The new plan was to reach Valhalla Lake. Ironically, it's one of the super-popular hiking destinations in the area — I try really hard to avoid popular hikes at all costs. But remember? Regroup and adapt! So the new plan was to attempt this 6+ mile hike (~1,800 feet of elevation gain) and set up camp at the lake. Next day, hike along the PCT as far as I can, and the day after, push to get back in one go. Plan B was to hike right now as far as I can or until I find a suitable place to pitch up my tent. This Plan B very soon turned into Plan A. Hiking at night in the relative wilderness on an unfamiliar trail is very exciting, but since my ultimate goal was to get back home in one piece, I decided that I'll stop as soon as I find a good place for a tent.

Crossing streams in the dark with only a headlamp illuminating the way is such a surreal experience! The shimmering water, sparkling rocks, and complete darkness. A thrill!

About 3 miles in, I found a spot by a creek and decided to spend the night there. Since setting up my tent in the dark is now my second nature, it only took me about 10 minutes to get all set for the night.

I didn't get much sleep. Not sure if it was the excitement of an adventure, anxiety about ruined plans, or something else entirely, but I woke up groggy and sore. I refilled my water, had breakfast and spent probably an hour just relaxing, enjoying nature and not doing jack squat. At this point, I made an executive decision to hike to lake Valhalla and reassess my options. Should I hike further? Or should I spend the night at the lake and go back? 🤔

The hike was beautiful, as expected. Pretty easy, gentle incline, lots of shade and places to pause and breath.

The views are stunning, and I got really lucky considering a bunch of rain in the forecast.

Around 2 in the afternoon, I arrived at Lake Valhalla. It's a regular lake. Just a lake. Like, just like any other lake. It's pretty, but it's not a gem or something.

Whatever. By the time I got there, it was clear that my sleepless night left me no choice but to setup camp and take a nap. Which I did.

I napped for a few hours with bees buzzing in the background and hungry mosquitoes staring at me through the net side of my tent. When I woke up, I decided that I'm not going anywhere today. I'll stay here, make dinner, get some good night sleep and see how it goes. Do I hike further? Do I turn back? I'll think about it tomorrow.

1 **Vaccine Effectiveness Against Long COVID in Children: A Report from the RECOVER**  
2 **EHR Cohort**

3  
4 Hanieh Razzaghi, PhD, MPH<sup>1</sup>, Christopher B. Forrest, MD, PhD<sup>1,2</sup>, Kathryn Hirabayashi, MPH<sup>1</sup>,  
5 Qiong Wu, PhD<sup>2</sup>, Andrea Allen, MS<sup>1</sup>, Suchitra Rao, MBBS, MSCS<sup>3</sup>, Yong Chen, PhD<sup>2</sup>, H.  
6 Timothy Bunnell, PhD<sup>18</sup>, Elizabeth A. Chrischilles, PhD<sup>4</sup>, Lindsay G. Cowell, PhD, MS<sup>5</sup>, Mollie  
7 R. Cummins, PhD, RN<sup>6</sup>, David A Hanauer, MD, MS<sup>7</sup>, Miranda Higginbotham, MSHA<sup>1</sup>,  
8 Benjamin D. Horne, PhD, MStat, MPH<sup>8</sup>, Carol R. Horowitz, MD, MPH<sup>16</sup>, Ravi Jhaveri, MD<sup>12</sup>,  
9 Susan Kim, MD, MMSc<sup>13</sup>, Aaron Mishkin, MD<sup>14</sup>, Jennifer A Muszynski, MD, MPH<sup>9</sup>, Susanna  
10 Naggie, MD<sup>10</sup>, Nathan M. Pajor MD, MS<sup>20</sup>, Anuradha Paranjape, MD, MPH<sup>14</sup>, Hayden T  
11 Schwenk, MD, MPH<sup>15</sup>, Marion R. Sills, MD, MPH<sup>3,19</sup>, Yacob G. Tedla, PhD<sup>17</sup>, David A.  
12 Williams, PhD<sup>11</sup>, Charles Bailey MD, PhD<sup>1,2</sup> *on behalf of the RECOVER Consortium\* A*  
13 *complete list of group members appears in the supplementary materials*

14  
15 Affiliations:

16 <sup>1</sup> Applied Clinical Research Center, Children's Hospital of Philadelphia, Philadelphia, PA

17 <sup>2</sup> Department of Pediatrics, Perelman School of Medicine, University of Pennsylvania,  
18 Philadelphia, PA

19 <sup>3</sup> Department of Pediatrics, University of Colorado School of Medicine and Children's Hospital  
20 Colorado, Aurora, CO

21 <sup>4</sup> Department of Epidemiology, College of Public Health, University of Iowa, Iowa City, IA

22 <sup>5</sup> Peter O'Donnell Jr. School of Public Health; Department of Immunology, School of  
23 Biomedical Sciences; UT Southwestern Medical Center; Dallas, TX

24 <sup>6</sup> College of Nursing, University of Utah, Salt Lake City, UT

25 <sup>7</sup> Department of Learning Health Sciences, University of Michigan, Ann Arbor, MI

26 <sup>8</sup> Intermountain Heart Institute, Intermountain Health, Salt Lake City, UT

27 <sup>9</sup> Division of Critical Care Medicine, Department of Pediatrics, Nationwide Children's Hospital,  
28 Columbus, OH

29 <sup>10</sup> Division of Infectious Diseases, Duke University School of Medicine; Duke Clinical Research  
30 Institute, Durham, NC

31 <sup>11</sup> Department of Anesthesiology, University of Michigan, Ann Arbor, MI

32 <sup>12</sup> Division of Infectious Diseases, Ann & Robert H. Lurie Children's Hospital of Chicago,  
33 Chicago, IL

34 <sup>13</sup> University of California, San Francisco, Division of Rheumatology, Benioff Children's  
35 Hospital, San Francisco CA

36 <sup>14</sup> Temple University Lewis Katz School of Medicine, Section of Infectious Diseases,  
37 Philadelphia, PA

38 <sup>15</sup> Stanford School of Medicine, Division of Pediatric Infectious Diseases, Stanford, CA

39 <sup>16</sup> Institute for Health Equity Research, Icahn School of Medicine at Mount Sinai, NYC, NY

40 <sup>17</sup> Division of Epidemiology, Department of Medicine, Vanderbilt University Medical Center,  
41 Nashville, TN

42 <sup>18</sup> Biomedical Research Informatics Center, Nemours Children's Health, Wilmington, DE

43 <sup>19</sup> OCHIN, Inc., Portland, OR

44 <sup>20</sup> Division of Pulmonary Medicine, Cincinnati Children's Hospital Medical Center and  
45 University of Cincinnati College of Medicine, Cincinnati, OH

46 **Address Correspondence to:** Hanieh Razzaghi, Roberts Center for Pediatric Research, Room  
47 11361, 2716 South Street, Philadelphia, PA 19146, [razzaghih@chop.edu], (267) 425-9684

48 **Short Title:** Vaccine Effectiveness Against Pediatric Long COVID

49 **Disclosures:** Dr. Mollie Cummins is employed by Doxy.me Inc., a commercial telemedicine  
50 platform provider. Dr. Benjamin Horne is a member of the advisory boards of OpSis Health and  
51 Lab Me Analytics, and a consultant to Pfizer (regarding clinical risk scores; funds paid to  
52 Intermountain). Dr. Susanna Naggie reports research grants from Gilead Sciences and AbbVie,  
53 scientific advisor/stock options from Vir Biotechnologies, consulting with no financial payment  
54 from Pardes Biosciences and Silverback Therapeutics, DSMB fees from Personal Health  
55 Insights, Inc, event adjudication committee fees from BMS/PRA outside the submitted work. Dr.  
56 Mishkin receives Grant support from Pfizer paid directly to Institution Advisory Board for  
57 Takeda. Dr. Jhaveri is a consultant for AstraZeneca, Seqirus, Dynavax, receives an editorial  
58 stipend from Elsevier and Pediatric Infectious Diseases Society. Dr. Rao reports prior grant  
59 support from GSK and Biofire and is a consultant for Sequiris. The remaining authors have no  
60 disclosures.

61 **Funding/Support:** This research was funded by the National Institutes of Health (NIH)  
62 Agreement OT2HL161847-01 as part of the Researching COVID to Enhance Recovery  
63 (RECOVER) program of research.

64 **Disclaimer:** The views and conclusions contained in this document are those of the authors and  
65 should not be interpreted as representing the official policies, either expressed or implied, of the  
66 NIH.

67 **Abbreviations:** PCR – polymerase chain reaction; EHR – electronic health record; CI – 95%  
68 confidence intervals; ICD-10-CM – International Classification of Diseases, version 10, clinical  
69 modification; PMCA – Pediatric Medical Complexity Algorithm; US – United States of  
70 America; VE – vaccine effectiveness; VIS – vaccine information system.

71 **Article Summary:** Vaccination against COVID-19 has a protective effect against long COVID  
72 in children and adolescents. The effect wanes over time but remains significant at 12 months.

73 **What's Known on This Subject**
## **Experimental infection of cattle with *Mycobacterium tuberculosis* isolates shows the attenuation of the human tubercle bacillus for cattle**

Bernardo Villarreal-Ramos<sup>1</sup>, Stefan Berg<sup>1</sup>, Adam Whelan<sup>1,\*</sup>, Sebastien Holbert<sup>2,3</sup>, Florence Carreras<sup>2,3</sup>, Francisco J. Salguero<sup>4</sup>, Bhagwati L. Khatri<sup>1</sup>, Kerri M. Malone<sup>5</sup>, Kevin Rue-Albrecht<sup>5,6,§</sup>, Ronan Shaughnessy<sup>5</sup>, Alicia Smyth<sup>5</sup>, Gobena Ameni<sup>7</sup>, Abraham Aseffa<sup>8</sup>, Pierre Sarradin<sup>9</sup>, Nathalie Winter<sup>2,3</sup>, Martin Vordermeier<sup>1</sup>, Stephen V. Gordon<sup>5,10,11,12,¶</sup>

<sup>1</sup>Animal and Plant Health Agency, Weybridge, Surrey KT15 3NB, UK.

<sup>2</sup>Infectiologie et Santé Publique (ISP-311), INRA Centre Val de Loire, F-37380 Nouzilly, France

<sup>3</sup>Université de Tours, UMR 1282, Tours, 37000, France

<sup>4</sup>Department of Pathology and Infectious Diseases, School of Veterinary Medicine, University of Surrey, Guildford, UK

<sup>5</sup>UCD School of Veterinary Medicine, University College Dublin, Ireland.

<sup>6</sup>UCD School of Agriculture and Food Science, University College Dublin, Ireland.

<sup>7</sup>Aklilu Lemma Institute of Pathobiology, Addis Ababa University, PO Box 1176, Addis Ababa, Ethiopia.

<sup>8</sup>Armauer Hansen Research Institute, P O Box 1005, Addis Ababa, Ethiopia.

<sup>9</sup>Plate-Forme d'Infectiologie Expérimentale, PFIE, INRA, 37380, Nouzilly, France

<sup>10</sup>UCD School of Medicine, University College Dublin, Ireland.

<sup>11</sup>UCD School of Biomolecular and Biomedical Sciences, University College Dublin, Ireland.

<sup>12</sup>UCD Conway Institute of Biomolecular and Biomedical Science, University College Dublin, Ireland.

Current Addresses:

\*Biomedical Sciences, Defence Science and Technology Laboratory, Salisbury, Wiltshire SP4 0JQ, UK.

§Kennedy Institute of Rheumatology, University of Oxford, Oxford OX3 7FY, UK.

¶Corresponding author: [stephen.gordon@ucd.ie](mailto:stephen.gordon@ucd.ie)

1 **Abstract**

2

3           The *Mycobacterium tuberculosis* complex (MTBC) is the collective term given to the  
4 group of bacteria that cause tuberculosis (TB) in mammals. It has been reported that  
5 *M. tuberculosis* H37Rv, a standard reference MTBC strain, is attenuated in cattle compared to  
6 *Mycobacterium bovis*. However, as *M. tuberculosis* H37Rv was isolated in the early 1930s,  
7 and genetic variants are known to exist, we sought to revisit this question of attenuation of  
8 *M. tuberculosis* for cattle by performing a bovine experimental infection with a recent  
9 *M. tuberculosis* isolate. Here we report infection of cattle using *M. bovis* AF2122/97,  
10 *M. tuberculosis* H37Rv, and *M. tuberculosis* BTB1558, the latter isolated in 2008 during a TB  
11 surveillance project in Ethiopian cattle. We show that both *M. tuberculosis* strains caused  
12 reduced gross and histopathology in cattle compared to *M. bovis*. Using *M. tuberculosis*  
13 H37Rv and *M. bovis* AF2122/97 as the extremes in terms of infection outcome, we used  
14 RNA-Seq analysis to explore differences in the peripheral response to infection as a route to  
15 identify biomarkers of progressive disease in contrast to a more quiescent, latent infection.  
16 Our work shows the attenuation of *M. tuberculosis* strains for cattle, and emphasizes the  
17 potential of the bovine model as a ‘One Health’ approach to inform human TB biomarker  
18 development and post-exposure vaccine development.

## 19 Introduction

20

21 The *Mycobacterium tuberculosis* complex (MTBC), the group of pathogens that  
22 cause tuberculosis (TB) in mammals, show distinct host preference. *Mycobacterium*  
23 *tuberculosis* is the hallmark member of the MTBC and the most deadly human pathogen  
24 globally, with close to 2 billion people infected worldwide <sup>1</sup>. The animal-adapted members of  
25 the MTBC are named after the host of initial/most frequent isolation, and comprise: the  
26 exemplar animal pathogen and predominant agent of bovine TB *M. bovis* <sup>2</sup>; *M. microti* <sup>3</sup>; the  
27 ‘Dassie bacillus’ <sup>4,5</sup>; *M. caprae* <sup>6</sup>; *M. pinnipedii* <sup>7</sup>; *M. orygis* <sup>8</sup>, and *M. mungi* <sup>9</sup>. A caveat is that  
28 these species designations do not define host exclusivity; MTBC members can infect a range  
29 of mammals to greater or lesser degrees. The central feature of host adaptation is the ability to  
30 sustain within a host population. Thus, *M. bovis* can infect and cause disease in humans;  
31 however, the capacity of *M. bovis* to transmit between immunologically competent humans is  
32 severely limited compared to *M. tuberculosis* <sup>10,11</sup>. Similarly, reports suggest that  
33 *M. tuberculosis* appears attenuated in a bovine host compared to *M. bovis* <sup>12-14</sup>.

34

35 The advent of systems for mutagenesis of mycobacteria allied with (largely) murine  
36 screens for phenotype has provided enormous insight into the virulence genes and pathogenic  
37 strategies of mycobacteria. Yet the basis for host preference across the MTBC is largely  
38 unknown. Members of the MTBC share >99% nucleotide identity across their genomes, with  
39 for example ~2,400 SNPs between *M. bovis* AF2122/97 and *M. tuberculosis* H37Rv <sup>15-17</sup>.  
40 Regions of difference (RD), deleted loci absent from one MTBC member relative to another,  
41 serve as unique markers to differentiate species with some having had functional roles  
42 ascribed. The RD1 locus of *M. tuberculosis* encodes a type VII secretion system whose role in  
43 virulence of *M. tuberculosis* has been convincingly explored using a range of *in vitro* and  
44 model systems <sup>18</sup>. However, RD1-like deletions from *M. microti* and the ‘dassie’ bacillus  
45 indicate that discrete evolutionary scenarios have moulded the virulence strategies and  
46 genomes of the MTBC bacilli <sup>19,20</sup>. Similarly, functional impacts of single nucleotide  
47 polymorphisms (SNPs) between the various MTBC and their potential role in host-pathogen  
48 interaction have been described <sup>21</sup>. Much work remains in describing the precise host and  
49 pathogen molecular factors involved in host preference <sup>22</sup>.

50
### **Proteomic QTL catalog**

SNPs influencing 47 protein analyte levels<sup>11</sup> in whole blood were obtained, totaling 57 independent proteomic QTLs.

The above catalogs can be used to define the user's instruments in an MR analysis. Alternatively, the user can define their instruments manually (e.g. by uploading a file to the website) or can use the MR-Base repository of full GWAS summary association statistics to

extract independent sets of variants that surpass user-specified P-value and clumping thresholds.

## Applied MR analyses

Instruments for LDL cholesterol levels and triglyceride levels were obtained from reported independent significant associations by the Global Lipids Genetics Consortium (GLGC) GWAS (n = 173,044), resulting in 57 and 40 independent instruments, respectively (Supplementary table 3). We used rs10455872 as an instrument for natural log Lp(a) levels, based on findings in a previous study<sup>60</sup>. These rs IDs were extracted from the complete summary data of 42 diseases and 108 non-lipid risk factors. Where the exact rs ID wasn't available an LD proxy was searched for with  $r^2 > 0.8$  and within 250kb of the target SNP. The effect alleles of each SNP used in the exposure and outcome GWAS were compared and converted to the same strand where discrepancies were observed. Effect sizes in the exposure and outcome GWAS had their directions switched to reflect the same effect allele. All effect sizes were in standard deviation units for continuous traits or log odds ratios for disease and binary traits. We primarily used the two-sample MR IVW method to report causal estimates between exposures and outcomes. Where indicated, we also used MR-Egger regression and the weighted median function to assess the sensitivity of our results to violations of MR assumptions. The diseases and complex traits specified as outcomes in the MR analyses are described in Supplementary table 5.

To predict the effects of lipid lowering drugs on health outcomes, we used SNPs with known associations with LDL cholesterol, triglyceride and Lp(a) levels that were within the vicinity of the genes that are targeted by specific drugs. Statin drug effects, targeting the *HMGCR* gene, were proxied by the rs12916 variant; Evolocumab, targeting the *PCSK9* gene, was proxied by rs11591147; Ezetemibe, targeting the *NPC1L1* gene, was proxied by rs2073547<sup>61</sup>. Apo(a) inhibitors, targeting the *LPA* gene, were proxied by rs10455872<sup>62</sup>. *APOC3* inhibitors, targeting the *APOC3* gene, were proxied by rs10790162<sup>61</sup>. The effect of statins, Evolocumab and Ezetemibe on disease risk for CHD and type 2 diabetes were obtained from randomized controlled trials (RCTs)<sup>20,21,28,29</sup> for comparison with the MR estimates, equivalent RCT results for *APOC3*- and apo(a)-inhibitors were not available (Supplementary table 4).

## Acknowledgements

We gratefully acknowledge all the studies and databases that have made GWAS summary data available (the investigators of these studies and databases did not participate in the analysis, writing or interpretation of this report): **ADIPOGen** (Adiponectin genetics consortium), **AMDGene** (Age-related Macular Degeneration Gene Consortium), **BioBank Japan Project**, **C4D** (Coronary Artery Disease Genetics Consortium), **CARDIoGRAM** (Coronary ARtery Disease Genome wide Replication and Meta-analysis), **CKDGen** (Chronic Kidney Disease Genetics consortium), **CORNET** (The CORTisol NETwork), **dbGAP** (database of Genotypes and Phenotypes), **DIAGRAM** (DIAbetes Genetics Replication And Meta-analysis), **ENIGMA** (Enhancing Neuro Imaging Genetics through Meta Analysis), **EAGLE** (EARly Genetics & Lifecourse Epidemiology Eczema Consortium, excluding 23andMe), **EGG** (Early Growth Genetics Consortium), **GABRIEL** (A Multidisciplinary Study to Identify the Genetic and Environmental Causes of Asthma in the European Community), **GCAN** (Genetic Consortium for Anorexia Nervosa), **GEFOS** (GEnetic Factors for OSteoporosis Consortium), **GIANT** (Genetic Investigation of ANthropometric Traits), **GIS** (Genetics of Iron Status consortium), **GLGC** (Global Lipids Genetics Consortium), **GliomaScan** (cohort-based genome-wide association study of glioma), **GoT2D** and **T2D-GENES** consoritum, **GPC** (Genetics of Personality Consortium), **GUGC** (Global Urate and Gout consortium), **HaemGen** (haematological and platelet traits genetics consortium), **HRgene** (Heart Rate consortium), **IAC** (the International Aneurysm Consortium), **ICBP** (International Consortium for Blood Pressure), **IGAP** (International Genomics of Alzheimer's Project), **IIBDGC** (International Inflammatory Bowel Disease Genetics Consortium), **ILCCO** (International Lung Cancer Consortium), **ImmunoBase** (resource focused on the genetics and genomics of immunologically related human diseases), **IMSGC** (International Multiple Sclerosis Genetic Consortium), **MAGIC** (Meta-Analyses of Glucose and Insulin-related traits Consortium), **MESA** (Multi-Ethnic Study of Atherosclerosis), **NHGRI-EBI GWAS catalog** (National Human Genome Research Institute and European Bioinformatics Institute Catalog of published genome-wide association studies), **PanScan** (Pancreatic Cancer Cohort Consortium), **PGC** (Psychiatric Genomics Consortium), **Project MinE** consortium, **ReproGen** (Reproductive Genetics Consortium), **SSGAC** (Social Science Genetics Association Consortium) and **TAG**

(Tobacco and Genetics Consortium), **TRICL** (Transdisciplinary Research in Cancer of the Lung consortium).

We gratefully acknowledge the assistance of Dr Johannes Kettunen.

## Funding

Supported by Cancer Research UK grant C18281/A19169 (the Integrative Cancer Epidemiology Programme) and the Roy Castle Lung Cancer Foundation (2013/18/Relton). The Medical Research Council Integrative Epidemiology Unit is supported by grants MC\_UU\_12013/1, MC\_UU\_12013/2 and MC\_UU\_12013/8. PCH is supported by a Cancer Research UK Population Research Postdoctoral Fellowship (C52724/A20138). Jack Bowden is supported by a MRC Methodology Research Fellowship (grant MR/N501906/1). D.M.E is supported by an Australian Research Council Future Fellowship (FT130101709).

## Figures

When tomorrow came, I was conflicted about my immediate future. On one hand, I came here to hike, and turning back is admitting defeat. On the other hand, I have nowhere to hike, really; I don't know if there are significant features further down the trail, I don't have mile count in place to make sure I can return in time. I already wasted almost a day at the lake napping. Well, I guess it only makes sense to cut this short, return to the trailhead, and go back home. Breakfast, water refill, packing — and off I go.

This is a marmot. His name is Hooch. 

It was raining half of my way back, and I was too lazy to put on my rain coat. What's the point? I'll be in my car in, like, an hour, and will dry out within minutes. Also, who doesn't love rain? What's wrong with you?! :)

On my way back home, I thought I'd get some closure and find the road to my originally planned trailhead. Before doing so, I stopped for a quick minute in a tiny town of Skykomish (~200 residents) and went to their world famous Great Northern & Cascade Railway museum. It's tiny, but welcoming and cute, and if you ask nicely, they'll show you their collection of telegraph keys and tell a story about 20,000 telegraph operators who were serving the road in the past and refused to teach their trade to anyone outside of their immediate families.

Great Northern & Cascade Railway museum
Skykomish River

And after some more research, I figured out the road to the trailhead I was originally planning to go to. It took me over an hour to cover something around 20 miles from Skykomish to the trailhead, but I did it.

I should've been riiiight there at the top

At the end of the day, I got to hike for a bit, spend two lazy days in nature, spooked a marmot, and found a way to the trailhead. Good times!

Next week is my vacation week, and I'm doing the Loowit trail — a 33-mile loop around Mt. St. Helens.  

Loowit Trail — Washington Trails Association
Ready for a stunning long hike through the otherwordly landscape of Mount St. Helens? The Loowit Trail reveals the volcano and the blast zone in all its raw glory.